Punctuation is the use of certain established marks (punctuation marks) or symbols within a piece of written text. Punctuation prevents a piece of text from being just a string of words by breaking up the string of words into meaningful units and by making the text more fluent. Basically, punctuation marks can be seen as symbols which are used to separate and join units of language into a cohesive text.
Modern writers tend to punctuate much more lightly than their older counterparts did. This goes hand in hand with the modern tendency to use less formal language and a plainer style. However, the importance of punctuation, even in these less formal modern times, should not be underestimated.
Appropriate punctuation creates order in what might otherwise be a piece of linguistic confusion.
The important punctuation marks are the full stop, question mark, exclamation mark, comma, brackets, dash, semicolon, colon, hyphen, quotation marks, apostrophe, asterisk, three-dot ellipsis and the oblique.
The full stop, also called period, is a punctuation mark consisting of a small dot (.). It is one of the most important punctuation marks and the most emphatic, because its main function is to mark the end of a sentence and so separate one sentence from another. Only sentences that are either questions or exclamations (see Questions and Exclamations) do not end in a full stop. Instead, they end respectively in a question mark or an exclamation mark. The following are examples of sentences ending in a full stop:
The children behaved very well.
They are getting married next week.
We are moving house soon.
The car broke down.
You can choose the restaurant.
I went by bus.
NB: The stop
The full stop is also used to mark the end of a group of words which is not actually a sentence, but which is complete in itself, as in the following underlined words.
‘When do we leave?’
The Full Stop and Abbreviations
The full stop has another function. It is used with certain types of abbreviation, although the modern tendency, particularly in British English, is to use full stops with abbreviations far less than was formerly the case. For example, abbreviations involving initial capital letters are generally written without full stops, especially in British English, as TUC, BBC, USA. In such cases full stops should definitely not be used if one or some of the initial letters do not belong to a full word, as TV. TV is the abbreviation for television and the letter V is simply the initial letter of the second syllable of the word, not that of a new word.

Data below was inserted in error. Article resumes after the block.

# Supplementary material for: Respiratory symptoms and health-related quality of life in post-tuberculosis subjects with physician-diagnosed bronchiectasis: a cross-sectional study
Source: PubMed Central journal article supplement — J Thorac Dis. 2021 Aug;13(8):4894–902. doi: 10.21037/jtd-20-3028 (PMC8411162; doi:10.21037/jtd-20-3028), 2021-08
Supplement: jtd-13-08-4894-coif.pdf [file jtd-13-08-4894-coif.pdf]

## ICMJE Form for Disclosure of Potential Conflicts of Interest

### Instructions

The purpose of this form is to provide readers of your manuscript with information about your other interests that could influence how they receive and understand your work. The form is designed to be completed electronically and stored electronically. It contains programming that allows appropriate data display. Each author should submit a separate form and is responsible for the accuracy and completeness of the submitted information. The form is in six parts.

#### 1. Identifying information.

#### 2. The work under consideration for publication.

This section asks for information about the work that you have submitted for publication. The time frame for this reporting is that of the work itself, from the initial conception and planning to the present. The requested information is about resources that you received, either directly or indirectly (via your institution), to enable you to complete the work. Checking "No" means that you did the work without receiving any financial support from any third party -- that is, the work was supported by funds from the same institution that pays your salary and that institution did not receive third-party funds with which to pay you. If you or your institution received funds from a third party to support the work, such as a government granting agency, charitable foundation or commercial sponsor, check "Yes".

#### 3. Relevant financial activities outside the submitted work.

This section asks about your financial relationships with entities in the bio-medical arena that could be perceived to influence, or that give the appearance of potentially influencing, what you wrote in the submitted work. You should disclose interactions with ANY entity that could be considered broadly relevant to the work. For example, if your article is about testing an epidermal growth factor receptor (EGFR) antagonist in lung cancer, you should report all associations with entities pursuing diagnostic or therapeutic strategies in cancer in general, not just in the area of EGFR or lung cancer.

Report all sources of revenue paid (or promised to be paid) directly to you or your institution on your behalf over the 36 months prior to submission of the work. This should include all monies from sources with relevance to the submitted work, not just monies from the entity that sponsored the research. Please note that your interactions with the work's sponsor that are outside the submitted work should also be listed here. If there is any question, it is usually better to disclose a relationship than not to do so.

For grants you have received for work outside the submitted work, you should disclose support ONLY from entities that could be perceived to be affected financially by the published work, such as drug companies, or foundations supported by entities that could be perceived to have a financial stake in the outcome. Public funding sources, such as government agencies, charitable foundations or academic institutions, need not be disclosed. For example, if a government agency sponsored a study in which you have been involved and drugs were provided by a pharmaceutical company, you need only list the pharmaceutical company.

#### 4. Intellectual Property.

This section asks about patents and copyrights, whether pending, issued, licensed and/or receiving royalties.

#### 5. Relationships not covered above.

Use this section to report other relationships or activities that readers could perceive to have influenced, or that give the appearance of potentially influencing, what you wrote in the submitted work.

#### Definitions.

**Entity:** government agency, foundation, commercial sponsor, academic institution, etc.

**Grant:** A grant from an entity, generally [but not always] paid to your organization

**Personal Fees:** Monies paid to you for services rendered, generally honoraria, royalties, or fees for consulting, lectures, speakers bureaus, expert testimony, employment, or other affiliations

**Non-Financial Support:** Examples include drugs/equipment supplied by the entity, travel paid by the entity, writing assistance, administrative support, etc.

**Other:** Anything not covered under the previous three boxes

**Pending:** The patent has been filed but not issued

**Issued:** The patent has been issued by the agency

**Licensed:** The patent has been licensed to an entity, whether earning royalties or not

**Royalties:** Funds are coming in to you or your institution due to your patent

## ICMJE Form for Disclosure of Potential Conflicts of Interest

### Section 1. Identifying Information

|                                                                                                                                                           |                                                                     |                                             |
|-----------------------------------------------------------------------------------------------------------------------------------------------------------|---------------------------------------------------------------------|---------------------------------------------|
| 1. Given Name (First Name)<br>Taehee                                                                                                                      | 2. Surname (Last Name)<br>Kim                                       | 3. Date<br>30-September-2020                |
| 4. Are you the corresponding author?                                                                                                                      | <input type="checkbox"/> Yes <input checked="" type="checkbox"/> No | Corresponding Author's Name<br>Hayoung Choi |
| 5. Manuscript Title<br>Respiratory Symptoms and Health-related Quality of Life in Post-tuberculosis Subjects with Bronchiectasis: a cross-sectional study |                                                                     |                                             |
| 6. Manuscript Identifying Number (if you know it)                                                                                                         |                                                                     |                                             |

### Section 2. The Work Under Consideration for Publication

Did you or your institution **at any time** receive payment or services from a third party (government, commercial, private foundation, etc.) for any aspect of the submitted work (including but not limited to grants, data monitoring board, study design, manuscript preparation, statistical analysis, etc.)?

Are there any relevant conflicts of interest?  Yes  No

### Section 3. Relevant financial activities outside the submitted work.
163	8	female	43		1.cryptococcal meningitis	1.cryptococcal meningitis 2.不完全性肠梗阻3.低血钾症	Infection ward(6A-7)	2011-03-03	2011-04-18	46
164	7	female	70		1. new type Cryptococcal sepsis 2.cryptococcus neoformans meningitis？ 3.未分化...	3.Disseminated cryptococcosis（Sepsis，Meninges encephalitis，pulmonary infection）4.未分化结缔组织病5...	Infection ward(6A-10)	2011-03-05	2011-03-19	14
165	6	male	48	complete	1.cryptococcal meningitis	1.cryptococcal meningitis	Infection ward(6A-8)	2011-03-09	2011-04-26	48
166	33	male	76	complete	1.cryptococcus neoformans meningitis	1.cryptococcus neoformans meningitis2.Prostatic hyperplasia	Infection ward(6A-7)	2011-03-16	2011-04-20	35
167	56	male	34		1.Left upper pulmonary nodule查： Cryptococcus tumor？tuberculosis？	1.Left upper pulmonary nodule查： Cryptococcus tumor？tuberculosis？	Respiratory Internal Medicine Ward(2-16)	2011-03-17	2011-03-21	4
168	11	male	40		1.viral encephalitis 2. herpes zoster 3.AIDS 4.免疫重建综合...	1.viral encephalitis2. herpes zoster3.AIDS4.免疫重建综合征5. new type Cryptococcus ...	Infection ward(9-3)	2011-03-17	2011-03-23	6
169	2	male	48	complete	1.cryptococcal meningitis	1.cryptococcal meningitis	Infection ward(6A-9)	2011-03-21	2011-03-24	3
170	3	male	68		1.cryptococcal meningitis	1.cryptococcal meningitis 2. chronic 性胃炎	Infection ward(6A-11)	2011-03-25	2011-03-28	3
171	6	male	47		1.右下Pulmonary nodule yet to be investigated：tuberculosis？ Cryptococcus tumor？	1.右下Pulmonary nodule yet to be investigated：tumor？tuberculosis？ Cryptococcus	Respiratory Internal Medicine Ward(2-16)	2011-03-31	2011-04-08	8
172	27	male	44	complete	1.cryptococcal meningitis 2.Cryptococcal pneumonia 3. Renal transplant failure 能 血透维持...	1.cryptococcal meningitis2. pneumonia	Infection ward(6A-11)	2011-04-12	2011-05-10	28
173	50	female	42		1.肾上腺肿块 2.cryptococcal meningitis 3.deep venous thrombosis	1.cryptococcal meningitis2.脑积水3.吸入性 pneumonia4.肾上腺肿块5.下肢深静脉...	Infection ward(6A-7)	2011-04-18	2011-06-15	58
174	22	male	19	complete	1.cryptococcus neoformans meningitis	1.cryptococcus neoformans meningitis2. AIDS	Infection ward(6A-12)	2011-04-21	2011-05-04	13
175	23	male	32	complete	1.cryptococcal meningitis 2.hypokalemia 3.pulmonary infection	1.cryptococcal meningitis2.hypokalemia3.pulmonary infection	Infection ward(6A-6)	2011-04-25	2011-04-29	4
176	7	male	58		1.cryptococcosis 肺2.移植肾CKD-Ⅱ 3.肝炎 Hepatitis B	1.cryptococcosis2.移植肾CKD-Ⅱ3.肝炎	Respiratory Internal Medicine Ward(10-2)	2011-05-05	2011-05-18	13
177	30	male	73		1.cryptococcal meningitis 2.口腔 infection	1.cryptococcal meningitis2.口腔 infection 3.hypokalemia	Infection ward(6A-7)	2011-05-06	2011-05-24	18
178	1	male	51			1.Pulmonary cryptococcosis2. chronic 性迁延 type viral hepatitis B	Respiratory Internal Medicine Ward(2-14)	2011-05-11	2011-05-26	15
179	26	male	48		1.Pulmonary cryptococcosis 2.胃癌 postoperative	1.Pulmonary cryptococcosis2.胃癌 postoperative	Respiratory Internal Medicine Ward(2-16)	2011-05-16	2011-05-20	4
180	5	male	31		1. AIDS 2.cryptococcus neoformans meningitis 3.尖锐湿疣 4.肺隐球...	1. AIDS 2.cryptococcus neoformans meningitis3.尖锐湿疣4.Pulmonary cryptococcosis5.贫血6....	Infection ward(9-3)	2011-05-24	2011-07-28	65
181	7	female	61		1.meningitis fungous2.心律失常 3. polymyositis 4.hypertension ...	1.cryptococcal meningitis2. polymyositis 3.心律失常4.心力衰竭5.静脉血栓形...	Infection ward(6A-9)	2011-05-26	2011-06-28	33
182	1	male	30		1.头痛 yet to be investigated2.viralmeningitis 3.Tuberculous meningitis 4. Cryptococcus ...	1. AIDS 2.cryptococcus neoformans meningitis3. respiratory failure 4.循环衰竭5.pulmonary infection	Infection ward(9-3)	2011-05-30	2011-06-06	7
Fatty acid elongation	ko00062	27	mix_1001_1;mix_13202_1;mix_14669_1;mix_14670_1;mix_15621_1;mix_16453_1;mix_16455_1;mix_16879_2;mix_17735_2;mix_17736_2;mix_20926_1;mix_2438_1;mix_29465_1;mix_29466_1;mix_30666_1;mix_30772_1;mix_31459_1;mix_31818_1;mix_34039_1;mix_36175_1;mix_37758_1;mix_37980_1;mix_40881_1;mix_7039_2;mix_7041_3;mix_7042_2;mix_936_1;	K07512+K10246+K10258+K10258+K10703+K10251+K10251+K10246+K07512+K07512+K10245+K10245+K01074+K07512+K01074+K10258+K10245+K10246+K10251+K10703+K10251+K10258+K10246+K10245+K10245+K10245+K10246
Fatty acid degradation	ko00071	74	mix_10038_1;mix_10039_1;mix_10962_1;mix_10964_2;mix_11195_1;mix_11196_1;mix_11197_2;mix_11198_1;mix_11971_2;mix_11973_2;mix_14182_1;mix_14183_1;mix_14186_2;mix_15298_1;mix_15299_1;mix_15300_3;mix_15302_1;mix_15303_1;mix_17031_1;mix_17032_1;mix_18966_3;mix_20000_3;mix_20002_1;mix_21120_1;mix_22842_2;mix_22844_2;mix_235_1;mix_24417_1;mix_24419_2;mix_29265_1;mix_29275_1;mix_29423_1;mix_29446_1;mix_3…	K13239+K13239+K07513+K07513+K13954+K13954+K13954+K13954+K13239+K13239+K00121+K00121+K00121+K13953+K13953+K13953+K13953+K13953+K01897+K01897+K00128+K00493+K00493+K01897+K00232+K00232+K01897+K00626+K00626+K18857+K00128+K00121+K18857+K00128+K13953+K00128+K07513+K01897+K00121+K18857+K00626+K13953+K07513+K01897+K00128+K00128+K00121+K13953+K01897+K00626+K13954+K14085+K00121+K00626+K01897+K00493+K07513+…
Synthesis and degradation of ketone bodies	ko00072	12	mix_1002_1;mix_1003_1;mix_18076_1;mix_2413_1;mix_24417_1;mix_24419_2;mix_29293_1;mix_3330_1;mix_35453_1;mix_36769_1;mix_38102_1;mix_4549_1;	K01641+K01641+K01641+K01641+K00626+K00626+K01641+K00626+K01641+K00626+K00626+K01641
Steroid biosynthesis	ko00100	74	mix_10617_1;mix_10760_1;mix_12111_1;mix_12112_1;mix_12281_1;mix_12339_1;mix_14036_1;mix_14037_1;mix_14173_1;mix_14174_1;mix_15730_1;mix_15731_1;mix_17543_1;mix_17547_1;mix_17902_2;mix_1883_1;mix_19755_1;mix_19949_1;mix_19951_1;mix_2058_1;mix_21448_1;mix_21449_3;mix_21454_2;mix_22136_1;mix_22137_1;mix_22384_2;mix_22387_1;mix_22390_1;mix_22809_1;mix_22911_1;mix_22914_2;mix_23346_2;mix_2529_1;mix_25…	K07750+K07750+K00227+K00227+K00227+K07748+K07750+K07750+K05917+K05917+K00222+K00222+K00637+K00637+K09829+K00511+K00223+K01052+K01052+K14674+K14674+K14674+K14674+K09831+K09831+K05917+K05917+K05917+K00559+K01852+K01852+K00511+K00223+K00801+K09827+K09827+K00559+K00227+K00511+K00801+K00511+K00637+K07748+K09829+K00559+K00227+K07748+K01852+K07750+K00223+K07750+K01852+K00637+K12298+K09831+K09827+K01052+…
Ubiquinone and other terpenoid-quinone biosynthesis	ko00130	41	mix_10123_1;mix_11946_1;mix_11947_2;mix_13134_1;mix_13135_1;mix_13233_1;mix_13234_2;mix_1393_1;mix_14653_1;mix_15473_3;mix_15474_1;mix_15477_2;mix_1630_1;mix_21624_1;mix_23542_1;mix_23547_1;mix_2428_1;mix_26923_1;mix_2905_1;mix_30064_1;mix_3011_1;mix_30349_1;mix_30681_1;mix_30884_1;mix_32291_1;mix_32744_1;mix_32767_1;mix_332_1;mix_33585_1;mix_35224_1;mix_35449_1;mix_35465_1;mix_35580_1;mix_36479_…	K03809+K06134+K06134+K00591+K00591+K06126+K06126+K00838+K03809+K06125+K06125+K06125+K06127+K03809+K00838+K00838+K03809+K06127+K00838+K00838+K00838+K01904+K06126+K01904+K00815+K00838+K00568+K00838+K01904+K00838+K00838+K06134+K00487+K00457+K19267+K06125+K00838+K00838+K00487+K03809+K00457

There are usually no full stops in abbreviations involving the first and last letters of a word
(contractions), as Dr, Rd, St, but whether they are used or not can be a matter of taste. The important thing is to be consistent in whether you use full stops or not in such cases.Abbreviations involving the first few letters of a word are the most likely to have full stops, as in Feb. for February and Sept. for September.
The Full Stop in Email and Website Addresses
The full stop is also used in email addresses such as
and in website addresses such as
In these cases the inclusion of the full stops and their correct placing are necessary to send the email successfully or access the website.
The question mark (?) is sometimes also known as the query and it is used to mark the end of a sentence
which asks a question (see 1). The following sentences are all questions ending in a question mark:
- Where are we?
- Is that the right time?
- Who is that?
- Why did they leave so early?
- Does he always behave so badly?
- Would you pass me the salt, please?
- Can I help you?
- Whose coat is this?
NB: Writing questions
It is not recommended to use more than one question mark at the end of a sentence.
When writing college essays or literary interpretations it may be tempting to intersperse your writing with questions, as in:
- ‘So what do we learn from Wordsworth’s view of nature?’